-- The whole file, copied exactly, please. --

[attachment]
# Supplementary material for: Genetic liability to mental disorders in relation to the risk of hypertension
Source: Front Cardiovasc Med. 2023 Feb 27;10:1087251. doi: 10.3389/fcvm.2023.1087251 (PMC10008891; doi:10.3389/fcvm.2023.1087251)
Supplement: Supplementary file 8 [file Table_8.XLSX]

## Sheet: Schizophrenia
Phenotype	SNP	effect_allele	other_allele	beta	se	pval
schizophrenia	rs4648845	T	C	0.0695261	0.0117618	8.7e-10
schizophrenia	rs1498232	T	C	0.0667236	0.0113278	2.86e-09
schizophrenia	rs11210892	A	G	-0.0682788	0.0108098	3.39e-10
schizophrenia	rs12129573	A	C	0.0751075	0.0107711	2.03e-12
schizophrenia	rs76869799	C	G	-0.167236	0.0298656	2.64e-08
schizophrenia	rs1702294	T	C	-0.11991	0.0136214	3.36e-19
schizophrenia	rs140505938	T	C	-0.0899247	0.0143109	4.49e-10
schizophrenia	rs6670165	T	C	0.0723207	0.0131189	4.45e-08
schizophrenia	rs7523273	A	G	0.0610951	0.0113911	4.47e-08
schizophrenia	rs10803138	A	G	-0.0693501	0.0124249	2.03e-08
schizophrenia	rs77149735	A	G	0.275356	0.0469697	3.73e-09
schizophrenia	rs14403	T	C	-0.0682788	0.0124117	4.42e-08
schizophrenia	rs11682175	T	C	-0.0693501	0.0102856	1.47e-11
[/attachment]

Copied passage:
# Supplementary material for: Genetic liability to mental disorders in relation to the risk of hypertension
Source: Front Cardiovasc Med. 2023 Feb 27;10:1087251. doi: 10.3389/fcvm.2023.1087251 (PMC10008891; doi:10.3389/fcvm.2023.1087251)
Supplement: Supplementary file 8 [file Table_8.XLSX]

## Sheet: Schizophrenia
Phenotype	SNP	effect_allele	other_allele	beta	se	pval
schizophrenia	rs4648845	T	C	0.0695261	0.0117618	8.7e-10
schizophrenia	rs1498232	T	C	0.0667236	0.0113278	2.86e-09
schizophrenia	rs11210892	A	G	-0.0682788	0.0108098	3.39e-10
schizophrenia	rs12129573	A	C	0.0751075	0.0107711	2.03e-12
schizophrenia	rs76869799	C	G	-0.167236	0.0298656	2.64e-08
schizophrenia	rs1702294	T	C	-0.11991	0.0136214	3.36e-19
schizophrenia	rs140505938	T	C	-0.0899247	0.0143109	4.49e-10
schizophrenia	rs6670165	T	C	0.0723207	0.0131189	4.45e-08
schizophrenia	rs7523273	A	G	0.0610951	0.0113911	4.47e-08
schizophrenia	rs10803138	A	G	-0.0693501	0.0124249	2.03e-08
schizophrenia	rs77149735	A	G	0.275356	0.0469697	3.73e-09
schizophrenia	rs14403	T	C	-0.0682788	0.0124117	4.42e-08
schizophrenia	rs11682175	T	C	-0.0693501	0.0102856	1.47e-11